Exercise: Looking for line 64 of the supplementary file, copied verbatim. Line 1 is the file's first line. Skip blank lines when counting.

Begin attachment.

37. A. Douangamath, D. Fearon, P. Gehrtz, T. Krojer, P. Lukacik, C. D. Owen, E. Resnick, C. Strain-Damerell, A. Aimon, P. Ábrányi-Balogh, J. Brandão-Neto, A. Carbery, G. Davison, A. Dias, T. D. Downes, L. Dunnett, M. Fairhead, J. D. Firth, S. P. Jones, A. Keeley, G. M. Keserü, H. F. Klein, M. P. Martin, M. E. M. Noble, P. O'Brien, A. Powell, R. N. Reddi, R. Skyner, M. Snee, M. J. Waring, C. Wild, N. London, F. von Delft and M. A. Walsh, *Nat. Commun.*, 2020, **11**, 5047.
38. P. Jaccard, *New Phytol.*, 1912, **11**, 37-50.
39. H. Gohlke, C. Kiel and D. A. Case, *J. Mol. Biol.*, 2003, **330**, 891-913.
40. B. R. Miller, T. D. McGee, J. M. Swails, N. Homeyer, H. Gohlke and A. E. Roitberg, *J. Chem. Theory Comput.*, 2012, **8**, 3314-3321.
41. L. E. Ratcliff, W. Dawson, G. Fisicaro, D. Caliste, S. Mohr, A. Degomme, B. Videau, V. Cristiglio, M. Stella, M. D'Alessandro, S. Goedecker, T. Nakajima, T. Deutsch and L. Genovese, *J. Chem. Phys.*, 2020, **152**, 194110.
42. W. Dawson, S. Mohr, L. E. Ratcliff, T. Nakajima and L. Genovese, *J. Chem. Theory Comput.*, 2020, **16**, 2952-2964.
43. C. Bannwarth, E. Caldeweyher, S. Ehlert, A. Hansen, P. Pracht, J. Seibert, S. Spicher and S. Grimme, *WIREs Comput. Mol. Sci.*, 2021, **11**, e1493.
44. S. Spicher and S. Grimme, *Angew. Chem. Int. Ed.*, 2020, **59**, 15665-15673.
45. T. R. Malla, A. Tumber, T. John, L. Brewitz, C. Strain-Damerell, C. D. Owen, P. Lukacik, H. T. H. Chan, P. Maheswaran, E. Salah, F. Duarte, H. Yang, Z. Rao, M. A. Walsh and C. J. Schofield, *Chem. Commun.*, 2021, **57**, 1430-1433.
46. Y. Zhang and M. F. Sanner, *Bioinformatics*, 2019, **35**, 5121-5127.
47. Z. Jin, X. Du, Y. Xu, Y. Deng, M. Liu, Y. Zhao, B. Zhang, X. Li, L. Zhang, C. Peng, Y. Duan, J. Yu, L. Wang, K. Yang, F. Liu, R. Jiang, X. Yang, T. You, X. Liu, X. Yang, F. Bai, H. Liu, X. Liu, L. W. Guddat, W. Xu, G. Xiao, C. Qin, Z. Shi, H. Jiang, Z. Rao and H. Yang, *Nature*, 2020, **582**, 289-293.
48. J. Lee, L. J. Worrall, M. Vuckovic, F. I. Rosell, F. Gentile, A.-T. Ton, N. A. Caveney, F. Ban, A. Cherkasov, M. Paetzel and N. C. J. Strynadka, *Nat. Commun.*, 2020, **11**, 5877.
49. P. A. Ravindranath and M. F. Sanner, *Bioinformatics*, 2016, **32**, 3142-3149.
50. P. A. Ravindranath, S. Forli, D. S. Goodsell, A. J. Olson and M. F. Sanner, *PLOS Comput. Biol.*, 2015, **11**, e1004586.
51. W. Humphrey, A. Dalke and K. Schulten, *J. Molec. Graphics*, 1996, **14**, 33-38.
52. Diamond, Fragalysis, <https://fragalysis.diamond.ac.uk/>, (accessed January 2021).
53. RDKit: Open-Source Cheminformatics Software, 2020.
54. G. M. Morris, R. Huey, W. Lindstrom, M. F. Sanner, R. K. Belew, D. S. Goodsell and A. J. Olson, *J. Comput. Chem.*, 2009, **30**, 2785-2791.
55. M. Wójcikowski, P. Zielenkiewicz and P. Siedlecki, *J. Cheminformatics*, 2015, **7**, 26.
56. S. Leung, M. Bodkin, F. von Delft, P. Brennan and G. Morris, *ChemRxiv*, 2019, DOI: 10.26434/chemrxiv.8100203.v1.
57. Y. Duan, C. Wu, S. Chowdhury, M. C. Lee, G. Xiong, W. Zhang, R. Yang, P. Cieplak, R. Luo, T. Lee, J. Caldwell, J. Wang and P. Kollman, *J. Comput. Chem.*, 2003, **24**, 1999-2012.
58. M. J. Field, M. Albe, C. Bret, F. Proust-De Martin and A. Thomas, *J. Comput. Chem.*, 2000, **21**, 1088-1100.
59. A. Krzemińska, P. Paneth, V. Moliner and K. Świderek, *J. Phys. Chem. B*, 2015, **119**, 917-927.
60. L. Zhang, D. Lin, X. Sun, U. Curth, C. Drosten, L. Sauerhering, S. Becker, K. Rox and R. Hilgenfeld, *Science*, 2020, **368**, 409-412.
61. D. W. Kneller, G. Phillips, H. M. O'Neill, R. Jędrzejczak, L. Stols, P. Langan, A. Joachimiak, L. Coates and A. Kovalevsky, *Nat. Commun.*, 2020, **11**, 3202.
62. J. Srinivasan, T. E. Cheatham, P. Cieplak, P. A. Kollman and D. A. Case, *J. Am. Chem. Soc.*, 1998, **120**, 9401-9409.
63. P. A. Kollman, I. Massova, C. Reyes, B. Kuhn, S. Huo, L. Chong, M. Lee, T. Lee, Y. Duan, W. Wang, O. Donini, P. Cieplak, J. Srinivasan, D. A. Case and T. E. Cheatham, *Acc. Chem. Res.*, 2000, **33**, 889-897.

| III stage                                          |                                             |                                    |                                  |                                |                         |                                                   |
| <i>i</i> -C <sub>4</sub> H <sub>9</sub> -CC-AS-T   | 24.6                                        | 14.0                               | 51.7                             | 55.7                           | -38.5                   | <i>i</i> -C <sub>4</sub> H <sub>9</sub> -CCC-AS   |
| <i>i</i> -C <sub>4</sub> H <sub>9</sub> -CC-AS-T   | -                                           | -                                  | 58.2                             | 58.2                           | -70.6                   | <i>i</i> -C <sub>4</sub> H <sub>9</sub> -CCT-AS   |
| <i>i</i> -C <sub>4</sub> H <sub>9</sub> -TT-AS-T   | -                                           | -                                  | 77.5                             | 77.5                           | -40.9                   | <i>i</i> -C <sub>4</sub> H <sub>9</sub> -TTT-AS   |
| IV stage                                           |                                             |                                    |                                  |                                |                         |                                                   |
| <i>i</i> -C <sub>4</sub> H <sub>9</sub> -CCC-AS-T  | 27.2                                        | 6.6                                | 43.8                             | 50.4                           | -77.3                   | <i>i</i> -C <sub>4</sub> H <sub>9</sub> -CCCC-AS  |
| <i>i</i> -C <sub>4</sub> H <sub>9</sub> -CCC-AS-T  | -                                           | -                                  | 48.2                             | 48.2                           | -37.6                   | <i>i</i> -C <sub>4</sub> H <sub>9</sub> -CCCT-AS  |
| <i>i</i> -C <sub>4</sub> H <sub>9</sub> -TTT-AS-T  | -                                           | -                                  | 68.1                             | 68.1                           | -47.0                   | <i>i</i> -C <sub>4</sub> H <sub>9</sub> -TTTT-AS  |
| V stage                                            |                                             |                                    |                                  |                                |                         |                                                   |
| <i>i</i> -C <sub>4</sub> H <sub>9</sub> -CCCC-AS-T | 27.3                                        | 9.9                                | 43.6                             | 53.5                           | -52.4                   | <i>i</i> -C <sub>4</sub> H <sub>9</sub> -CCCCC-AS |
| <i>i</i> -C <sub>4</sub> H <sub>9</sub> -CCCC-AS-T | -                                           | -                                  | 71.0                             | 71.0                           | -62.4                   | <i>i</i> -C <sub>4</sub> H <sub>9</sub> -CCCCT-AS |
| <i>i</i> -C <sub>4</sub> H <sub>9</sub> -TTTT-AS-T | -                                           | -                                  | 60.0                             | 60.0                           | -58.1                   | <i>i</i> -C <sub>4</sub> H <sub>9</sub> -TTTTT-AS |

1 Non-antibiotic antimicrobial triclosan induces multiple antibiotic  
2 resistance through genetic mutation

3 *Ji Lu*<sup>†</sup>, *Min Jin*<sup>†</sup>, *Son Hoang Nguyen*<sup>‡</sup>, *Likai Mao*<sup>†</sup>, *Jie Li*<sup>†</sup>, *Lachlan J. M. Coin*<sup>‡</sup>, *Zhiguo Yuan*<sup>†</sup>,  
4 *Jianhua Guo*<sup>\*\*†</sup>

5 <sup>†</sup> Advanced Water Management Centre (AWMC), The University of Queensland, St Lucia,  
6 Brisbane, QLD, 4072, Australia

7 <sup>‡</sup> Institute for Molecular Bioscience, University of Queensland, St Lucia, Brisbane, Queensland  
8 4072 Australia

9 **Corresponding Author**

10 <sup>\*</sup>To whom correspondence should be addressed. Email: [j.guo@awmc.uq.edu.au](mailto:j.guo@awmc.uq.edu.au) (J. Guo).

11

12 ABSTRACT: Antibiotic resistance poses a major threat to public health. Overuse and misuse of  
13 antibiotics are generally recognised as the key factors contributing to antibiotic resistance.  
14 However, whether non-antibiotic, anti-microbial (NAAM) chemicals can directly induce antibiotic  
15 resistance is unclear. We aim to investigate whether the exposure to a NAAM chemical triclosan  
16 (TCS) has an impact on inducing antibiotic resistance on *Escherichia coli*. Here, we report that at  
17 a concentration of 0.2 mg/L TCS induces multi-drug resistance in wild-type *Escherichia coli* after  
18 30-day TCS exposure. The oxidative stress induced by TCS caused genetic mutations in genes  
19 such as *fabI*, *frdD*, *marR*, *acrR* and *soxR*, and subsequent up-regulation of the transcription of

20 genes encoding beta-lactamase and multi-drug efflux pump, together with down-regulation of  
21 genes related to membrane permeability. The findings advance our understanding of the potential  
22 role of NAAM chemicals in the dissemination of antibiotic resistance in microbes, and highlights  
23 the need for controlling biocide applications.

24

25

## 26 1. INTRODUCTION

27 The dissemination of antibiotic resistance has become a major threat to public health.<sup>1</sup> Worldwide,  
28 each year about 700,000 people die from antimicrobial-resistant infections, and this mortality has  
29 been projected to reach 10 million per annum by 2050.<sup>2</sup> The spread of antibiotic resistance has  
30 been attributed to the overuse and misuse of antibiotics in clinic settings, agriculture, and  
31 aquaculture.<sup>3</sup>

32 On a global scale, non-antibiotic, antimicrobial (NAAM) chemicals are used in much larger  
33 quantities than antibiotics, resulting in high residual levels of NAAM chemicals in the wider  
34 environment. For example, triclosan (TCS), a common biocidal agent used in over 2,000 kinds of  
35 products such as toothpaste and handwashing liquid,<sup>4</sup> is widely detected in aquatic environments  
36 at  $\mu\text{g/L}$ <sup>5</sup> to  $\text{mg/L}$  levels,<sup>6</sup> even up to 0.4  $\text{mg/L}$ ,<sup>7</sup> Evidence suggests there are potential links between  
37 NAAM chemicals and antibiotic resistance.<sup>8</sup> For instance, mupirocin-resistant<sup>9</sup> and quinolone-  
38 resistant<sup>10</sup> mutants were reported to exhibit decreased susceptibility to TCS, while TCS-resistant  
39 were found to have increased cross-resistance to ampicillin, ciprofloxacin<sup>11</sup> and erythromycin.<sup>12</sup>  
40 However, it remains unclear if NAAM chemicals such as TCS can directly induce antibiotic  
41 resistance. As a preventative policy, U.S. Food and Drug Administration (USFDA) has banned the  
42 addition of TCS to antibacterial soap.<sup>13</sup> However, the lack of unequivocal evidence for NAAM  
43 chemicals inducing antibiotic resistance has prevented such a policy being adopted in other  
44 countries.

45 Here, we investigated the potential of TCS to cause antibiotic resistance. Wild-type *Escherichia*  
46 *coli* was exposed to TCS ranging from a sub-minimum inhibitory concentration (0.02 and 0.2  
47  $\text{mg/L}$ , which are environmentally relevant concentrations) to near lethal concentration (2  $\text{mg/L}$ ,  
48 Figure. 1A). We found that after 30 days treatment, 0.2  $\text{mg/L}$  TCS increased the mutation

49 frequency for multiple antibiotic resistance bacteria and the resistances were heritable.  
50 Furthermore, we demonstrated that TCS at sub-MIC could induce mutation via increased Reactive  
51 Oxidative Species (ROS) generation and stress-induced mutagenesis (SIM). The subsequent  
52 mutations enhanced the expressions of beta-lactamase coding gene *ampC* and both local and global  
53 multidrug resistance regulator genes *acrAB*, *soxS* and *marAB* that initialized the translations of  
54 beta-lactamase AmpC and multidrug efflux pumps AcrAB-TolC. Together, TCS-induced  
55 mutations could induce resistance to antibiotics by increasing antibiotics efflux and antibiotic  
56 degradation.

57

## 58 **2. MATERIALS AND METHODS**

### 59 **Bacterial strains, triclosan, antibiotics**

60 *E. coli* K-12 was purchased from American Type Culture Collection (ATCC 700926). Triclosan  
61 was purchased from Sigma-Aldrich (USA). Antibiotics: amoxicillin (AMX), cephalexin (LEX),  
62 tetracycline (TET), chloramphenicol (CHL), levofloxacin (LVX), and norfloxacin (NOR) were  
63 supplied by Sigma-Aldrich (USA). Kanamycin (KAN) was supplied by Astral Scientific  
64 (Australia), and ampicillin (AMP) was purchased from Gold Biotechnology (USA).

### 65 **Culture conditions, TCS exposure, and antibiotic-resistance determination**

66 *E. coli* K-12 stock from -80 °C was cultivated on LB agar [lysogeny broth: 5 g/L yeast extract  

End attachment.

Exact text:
25